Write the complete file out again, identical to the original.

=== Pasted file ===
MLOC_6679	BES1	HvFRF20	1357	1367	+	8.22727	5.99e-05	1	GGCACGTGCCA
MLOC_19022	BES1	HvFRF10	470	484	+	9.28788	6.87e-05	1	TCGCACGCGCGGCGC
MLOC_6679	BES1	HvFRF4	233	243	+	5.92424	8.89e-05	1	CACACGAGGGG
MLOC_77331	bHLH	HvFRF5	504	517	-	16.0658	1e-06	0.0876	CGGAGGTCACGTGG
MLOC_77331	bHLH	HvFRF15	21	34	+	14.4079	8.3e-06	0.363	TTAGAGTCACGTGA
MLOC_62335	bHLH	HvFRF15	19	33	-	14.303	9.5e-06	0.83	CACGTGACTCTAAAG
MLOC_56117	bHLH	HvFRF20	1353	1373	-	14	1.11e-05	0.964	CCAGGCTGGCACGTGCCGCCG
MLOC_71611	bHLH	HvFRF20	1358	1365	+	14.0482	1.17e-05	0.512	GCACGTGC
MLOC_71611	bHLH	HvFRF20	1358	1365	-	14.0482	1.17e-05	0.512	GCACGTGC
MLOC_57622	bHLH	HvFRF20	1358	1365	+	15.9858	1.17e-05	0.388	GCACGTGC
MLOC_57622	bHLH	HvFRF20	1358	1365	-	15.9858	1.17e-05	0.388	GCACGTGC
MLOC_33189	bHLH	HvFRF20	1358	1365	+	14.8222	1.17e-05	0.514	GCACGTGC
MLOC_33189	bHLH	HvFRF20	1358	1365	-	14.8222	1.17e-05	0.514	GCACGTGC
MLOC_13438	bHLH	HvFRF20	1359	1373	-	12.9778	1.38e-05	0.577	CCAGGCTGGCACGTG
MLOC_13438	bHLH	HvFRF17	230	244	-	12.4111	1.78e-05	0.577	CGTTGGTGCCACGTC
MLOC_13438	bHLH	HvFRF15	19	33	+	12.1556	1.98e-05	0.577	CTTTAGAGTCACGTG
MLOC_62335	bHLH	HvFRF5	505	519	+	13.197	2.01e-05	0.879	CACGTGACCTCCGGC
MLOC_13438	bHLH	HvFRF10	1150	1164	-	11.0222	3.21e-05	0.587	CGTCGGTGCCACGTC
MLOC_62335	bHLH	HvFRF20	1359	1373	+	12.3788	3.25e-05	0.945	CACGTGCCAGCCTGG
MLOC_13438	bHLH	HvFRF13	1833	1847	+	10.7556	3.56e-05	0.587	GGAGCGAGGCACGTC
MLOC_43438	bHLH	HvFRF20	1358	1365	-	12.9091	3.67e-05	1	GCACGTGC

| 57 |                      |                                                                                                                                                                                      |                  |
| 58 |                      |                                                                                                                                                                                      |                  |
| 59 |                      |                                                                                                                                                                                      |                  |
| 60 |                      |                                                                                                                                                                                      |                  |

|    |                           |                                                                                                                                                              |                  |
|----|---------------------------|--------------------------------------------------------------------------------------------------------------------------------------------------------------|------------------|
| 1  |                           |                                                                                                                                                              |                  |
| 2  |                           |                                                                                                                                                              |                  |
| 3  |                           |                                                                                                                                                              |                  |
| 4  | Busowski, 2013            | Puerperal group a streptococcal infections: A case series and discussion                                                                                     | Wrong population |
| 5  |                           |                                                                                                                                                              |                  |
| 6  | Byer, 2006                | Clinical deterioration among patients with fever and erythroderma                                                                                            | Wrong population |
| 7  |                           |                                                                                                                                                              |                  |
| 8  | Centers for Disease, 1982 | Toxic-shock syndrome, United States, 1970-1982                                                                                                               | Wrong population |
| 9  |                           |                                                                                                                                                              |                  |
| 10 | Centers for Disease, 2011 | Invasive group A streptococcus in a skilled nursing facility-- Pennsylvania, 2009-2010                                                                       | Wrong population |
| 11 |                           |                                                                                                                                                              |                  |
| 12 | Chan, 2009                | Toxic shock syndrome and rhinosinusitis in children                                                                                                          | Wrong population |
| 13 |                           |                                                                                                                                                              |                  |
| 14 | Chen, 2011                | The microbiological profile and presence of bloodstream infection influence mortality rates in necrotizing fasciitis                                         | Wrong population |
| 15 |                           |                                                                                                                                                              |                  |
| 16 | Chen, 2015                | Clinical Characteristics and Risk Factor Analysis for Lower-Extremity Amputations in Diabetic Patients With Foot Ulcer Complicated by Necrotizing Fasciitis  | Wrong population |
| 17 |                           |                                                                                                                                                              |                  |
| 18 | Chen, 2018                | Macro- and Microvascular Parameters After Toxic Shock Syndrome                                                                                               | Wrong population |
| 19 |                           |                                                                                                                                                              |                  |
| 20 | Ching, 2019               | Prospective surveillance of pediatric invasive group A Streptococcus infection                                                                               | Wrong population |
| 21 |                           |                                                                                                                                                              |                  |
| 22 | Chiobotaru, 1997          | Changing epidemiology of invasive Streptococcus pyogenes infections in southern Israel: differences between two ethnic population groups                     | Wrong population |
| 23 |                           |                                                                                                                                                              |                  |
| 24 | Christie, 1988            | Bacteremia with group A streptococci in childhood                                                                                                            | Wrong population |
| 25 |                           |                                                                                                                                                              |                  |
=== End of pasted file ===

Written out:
MLOC_6679	BES1	HvFRF20	1357	1367	+	8.22727	5.99e-05	1	GGCACGTGCCA
MLOC_19022	BES1	HvFRF10	470	484	+	9.28788	6.87e-05	1	TCGCACGCGCGGCGC
MLOC_6679	BES1	HvFRF4	233	243	+	5.92424	8.89e-05	1	CACACGAGGGG
MLOC_77331	bHLH	HvFRF5	504	517	-	16.0658	1e-06	0.0876	CGGAGGTCACGTGG
MLOC_77331	bHLH	HvFRF15	21	34	+	14.4079	8.3e-06	0.363	TTAGAGTCACGTGA
MLOC_62335	bHLH	HvFRF15	19	33	-	14.303	9.5e-06	0.83	CACGTGACTCTAAAG
MLOC_56117	bHLH	HvFRF20	1353	1373	-	14	1.11e-05	0.964	CCAGGCTGGCACGTGCCGCCG
MLOC_71611	bHLH	HvFRF20	1358	1365	+	14.0482	1.17e-05	0.512	GCACGTGC
MLOC_71611	bHLH	HvFRF20	1358	1365	-	14.0482	1.17e-05	0.512	GCACGTGC
MLOC_57622	bHLH	HvFRF20	1358	1365	+	15.9858	1.17e-05	0.388	GCACGTGC
MLOC_57622	bHLH	HvFRF20	1358	1365	-	15.9858	1.17e-05	0.388	GCACGTGC
MLOC_33189	bHLH	HvFRF20	1358	1365	+	14.8222	1.17e-05	0.514	GCACGTGC
MLOC_33189	bHLH	HvFRF20	1358	1365	-	14.8222	1.17e-05	0.514	GCACGTGC
MLOC_13438	bHLH	HvFRF20	1359	1373	-	12.9778	1.38e-05	0.577	CCAGGCTGGCACGTG
MLOC_13438	bHLH	HvFRF17	230	244	-	12.4111	1.78e-05	0.577	CGTTGGTGCCACGTC
MLOC_13438	bHLH	HvFRF15	19	33	+	12.1556	1.98e-05	0.577	CTTTAGAGTCACGTG
MLOC_62335	bHLH	HvFRF5	505	519	+	13.197	2.01e-05	0.879	CACGTGACCTCCGGC
MLOC_13438	bHLH	HvFRF10	1150	1164	-	11.0222	3.21e-05	0.587	CGTCGGTGCCACGTC
MLOC_62335	bHLH	HvFRF20	1359	1373	+	12.3788	3.25e-05	0.945	CACGTGCCAGCCTGG
MLOC_13438	bHLH	HvFRF13	1833	1847	+	10.7556	3.56e-05	0.587	GGAGCGAGGCACGTC
MLOC_43438	bHLH	HvFRF20	1358	1365	-	12.9091	3.67e-05	1	GCACGTGC

| 57 |                      |                                                                                                                                                                                      |                  |
| 58 |                      |                                                                                                                                                                                      |                  |
| 59 |                      |                                                                                                                                                                                      |                  |
| 60 |                      |                                                                                                                                                                                      |                  |

|    |                           |                                                                                                                                                              |                  |
|----|---------------------------|--------------------------------------------------------------------------------------------------------------------------------------------------------------|------------------|
| 1  |                           |                                                                                                                                                              |                  |
| 2  |                           |                                                                                                                                                              |                  |
| 3  |                           |                                                                                                                                                              |                  |
| 4  | Busowski, 2013            | Puerperal group a streptococcal infections: A case series and discussion                                                                                     | Wrong population |
| 5  |                           |                                                                                                                                                              |                  |
| 6  | Byer, 2006                | Clinical deterioration among patients with fever and erythroderma                                                                                            | Wrong population |
| 7  |                           |                                                                                                                                                              |                  |
| 8  | Centers for Disease, 1982 | Toxic-shock syndrome, United States, 1970-1982                                                                                                               | Wrong population |
| 9  |                           |                                                                                                                                                              |                  |
| 10 | Centers for Disease, 2011 | Invasive group A streptococcus in a skilled nursing facility-- Pennsylvania, 2009-2010                                                                       | Wrong population |
| 11 |                           |                                                                                                                                                              |                  |
| 12 | Chan, 2009                | Toxic shock syndrome and rhinosinusitis in children                                                                                                          | Wrong population |
| 13 |                           |                                                                                                                                                              |                  |
| 14 | Chen, 2011                | The microbiological profile and presence of bloodstream infection influence mortality rates in necrotizing fasciitis                                         | Wrong population |
| 15 |                           |                                                                                                                                                              |                  |
| 16 | Chen, 2015                | Clinical Characteristics and Risk Factor Analysis for Lower-Extremity Amputations in Diabetic Patients With Foot Ulcer Complicated by Necrotizing Fasciitis  | Wrong population |
| 17 |                           |                                                                                                                                                              |                  |
| 18 | Chen, 2018                | Macro- and Microvascular Parameters After Toxic Shock Syndrome                                                                                               | Wrong population |
| 19 |                           |                                                                                                                                                              |                  |
| 20 | Ching, 2019               | Prospective surveillance of pediatric invasive group A Streptococcus infection                                                                               | Wrong population |
| 21 |                           |                                                                                                                                                              |                  |
| 22 | Chiobotaru, 1997          | Changing epidemiology of invasive Streptococcus pyogenes infections in southern Israel: differences between two ethnic population groups                     | Wrong population |
| 23 |                           |                                                                                                                                                              |                  |
| 24 | Christie, 1988            | Bacteremia with group A streptococci in childhood                                                                                                            | Wrong population |
| 25 |                           |                                                                                                                                                              |                  |